—That is quite right.

515. Therefore, I understand from both the Comptroller and Auditor General and yourself that you have, so to speak, a technical point as to whether this is nugatory expenditure or a constructive loss?

—We do not regard it as nugatory but the question is: is it a constructive loss?

Would it be asking too much for you to give us your interpretation of what you would feel is nugatory expenditure and what is a constructive loss?

—The line may be difficult to draw. Nugatory expenditure is where one gets absolutely nothing for one’s outlay. A constructive loss is where one gets something but which one cannot use in accordance with one’s original plans.

In other words, you got some value for your money but you cannot use it?

—We got the plans and advice but we cannot use them.

That seems to be somewhat subtle but between us I think we have clarified it.

Mr. Mac Gearailt.—The point is that in the case of a constructive loss where one gets goods that are of no use to one, the loss is basically due to the fact that there has been a policy change. It is not the Department’s fault it is due to a policy change.

516. Chairman.—The Comptroller and Auditor General has anticipated me. I was going to ask that. That point is there?

—It is, yes.

That point, as raised by the Comptroller and Auditor General and explained by you, is there and, to some extent, it is an accounting point. Bearing in mind what the Comptroller and Auditor General has said now and you, as Accounting Officer, is not the nub of the question that this was a consequence of a change of policy?


And that you, as Accounting Officer, can legitimately say you had no control over it because it resulted, inevitably, from a change of policy after you had correctly committed yourself in accordance with the policy decisions and directions you had been given?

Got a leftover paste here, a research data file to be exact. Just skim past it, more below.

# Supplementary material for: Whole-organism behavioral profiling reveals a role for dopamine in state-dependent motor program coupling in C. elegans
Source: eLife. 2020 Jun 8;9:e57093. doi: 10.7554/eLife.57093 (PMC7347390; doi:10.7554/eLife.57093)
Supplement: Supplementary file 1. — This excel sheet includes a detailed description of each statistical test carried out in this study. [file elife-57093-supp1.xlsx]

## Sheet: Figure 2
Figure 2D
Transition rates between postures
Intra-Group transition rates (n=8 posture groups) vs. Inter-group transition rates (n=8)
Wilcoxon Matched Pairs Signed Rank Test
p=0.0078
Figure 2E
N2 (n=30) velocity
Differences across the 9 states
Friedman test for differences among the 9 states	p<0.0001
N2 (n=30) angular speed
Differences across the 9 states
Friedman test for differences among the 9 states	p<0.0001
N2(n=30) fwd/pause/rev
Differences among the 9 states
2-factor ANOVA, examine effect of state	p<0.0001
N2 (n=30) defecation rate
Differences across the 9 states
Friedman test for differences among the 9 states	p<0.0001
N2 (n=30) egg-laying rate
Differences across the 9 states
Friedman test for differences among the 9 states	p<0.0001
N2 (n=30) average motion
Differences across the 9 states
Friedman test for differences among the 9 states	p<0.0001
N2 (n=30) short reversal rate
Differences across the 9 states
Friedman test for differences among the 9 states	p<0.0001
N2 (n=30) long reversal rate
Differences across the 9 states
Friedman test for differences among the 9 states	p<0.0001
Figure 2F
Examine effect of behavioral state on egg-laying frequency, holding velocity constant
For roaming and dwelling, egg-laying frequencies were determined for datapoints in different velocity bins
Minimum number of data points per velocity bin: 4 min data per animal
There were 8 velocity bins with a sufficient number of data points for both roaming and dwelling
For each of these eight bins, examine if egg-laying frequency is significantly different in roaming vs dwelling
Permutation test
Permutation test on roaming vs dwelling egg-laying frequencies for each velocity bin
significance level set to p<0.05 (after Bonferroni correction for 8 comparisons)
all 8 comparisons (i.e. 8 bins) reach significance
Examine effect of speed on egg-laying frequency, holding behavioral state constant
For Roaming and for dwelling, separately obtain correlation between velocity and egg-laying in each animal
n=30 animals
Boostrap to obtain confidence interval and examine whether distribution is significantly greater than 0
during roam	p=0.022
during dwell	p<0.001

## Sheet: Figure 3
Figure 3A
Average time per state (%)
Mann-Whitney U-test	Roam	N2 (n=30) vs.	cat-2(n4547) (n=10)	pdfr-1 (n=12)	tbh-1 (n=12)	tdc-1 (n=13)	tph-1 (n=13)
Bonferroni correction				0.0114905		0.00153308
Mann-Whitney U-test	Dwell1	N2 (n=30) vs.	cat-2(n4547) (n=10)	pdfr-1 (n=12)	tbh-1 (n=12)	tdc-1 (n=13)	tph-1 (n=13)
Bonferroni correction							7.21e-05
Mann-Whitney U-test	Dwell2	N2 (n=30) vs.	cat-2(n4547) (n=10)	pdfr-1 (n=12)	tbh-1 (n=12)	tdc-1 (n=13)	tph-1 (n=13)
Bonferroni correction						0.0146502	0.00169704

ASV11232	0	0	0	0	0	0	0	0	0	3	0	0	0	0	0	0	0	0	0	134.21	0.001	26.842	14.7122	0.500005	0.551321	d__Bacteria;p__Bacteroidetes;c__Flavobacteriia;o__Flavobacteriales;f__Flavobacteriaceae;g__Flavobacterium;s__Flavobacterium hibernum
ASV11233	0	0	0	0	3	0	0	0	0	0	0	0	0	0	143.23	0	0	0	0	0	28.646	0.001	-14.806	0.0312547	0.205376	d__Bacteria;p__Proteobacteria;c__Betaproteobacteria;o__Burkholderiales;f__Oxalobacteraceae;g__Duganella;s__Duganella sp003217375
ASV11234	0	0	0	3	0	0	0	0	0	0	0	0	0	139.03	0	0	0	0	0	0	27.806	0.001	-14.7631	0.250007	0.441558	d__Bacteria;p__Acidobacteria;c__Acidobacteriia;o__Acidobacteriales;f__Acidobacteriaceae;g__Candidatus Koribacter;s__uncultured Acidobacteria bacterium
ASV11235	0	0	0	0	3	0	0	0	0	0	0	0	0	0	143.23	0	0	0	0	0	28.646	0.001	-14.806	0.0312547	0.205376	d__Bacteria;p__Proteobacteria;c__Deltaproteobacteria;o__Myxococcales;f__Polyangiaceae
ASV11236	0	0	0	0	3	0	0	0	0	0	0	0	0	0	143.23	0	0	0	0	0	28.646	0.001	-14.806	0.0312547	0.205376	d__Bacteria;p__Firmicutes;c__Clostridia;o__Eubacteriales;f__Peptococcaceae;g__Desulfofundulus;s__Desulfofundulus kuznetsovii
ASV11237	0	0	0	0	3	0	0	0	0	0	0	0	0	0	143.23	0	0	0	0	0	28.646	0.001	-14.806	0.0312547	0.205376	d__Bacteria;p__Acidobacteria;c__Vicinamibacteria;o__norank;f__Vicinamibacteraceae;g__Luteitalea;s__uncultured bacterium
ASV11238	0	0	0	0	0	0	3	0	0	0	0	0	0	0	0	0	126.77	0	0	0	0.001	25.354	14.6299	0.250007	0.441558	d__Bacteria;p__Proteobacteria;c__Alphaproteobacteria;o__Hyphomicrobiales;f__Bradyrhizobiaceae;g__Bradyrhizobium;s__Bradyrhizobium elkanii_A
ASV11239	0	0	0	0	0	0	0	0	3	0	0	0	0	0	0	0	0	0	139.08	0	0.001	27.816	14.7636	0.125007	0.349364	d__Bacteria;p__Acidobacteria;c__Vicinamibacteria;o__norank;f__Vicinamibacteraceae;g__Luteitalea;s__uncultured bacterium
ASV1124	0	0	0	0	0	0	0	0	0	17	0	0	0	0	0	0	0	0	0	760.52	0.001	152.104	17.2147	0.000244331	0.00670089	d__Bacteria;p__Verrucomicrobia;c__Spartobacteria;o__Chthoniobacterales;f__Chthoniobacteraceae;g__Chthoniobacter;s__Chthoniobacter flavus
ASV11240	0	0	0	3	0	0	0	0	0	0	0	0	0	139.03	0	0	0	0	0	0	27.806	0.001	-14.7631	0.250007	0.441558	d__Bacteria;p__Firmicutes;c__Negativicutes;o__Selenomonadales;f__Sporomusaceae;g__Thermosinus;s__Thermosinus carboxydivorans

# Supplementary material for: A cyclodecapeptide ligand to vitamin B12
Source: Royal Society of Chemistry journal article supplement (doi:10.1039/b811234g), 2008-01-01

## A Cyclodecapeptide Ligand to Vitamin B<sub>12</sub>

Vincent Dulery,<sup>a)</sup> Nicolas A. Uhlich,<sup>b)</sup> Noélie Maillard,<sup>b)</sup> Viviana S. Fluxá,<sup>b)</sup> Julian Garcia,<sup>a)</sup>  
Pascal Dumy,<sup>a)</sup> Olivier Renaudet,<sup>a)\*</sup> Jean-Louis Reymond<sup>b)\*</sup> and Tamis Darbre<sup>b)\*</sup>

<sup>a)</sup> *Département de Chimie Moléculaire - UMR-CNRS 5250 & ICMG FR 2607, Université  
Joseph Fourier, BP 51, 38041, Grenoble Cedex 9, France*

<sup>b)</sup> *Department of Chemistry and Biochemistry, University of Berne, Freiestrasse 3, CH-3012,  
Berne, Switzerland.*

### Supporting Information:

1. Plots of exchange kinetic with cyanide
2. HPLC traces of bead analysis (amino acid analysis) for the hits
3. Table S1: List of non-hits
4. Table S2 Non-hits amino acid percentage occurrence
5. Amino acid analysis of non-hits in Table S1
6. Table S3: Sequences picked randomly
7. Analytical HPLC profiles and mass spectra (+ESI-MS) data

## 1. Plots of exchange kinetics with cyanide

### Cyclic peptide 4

—That is quite right.

Is that not the real kernel?

—That is the absolute truth and is putting it absolutely correctly.

517. Does the Accounting Officer wish to say anything else?

—Of course, there have been previous cases; this is not the first and there will probably be others.

Without casting any reflection on anybody, Governments and Ministers are bound to make changes of policy for various reasons —that is what they are there for—but those changes of policy on occasion are bound to have consequences for the Accounting Officer and the Department similar to those you have had. Unless we found there was some reason for adverse comment I think the Committee can understand this.

Deputy Griffin.—It is obvious that, from time to time, plans are revised or changed?

Chairman.—They must be and we have to accept that.

Mr. Mac Gearailt.—The whole point here is—and the Accounting Officer will appreciate this—that Parliament has always insisted down the years that it should be told about nugatory payments and about constructive losses. The Accounting Officer has said that he will communicate his views to me now. He thinks there is no constructive loss.